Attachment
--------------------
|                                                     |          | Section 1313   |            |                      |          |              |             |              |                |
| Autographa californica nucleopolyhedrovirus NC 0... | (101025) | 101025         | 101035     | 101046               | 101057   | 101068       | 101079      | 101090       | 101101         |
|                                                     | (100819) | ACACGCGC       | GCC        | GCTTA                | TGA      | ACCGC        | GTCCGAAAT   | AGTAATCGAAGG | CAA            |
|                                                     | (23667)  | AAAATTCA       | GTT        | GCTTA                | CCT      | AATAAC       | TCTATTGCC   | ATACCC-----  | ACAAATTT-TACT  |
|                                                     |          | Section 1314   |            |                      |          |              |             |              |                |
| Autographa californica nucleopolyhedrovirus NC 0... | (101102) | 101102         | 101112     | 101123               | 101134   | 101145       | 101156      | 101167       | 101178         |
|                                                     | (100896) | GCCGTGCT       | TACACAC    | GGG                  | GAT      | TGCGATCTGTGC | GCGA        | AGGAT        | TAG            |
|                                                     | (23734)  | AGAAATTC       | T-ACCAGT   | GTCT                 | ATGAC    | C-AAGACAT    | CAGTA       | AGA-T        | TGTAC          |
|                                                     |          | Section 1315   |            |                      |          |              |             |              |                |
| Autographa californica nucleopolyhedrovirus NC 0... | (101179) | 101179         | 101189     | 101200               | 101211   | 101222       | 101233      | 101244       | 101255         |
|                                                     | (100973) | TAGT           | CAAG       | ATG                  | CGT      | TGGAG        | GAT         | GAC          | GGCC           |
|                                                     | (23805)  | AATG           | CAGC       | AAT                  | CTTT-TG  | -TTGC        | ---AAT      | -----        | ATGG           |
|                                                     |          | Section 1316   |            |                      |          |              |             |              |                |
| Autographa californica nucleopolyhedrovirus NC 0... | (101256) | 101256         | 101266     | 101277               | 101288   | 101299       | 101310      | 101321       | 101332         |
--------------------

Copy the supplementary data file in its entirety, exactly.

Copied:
|                                                     |          | Section 1313   |            |                      |          |              |             |              |                |
| Autographa californica nucleopolyhedrovirus NC 0... | (101025) | 101025         | 101035     | 101046               | 101057   | 101068       | 101079      | 101090       | 101101         |
|                                                     | (100819) | ACACGCGC       | GCC        | GCTTA                | TGA      | ACCGC        | GTCCGAAAT   | AGTAATCGAAGG | CAA            |
|                                                     | (23667)  | AAAATTCA       | GTT        | GCTTA                | CCT      | AATAAC       | TCTATTGCC   | ATACCC-----  | ACAAATTT-TACT  |
|                                                     |          | Section 1314   |            |                      |          |              |             |              |                |
| Autographa californica nucleopolyhedrovirus NC 0... | (101102) | 101102         | 101112     | 101123               | 101134   | 101145       | 101156      | 101167       | 101178         |
|                                                     | (100896) | GCCGTGCT       | TACACAC    | GGG                  | GAT      | TGCGATCTGTGC | GCGA        | AGGAT        | TAG            |
|                                                     | (23734)  | AGAAATTC       | T-ACCAGT   | GTCT                 | ATGAC    | C-AAGACAT    | CAGTA       | AGA-T        | TGTAC          |
|                                                     |          | Section 1315   |            |                      |          |              |             |              |                |
| Autographa californica nucleopolyhedrovirus NC 0... | (101179) | 101179         | 101189     | 101200               | 101211   | 101222       | 101233      | 101244       | 101255         |
|                                                     | (100973) | TAGT           | CAAG       | ATG                  | CGT      | TGGAG        | GAT         | GAC          | GGCC           |
|                                                     | (23805)  | AATG           | CAGC       | AAT                  | CTTT-TG  | -TTGC        | ---AAT      | -----        | ATGG           |
|                                                     |          | Section 1316   |            |                      |          |              |             |              |                |
| Autographa californica nucleopolyhedrovirus NC 0... | (101256) | 101256         | 101266     | 101277               | 101288   | 101299       | 101310      | 101321       | 101332         |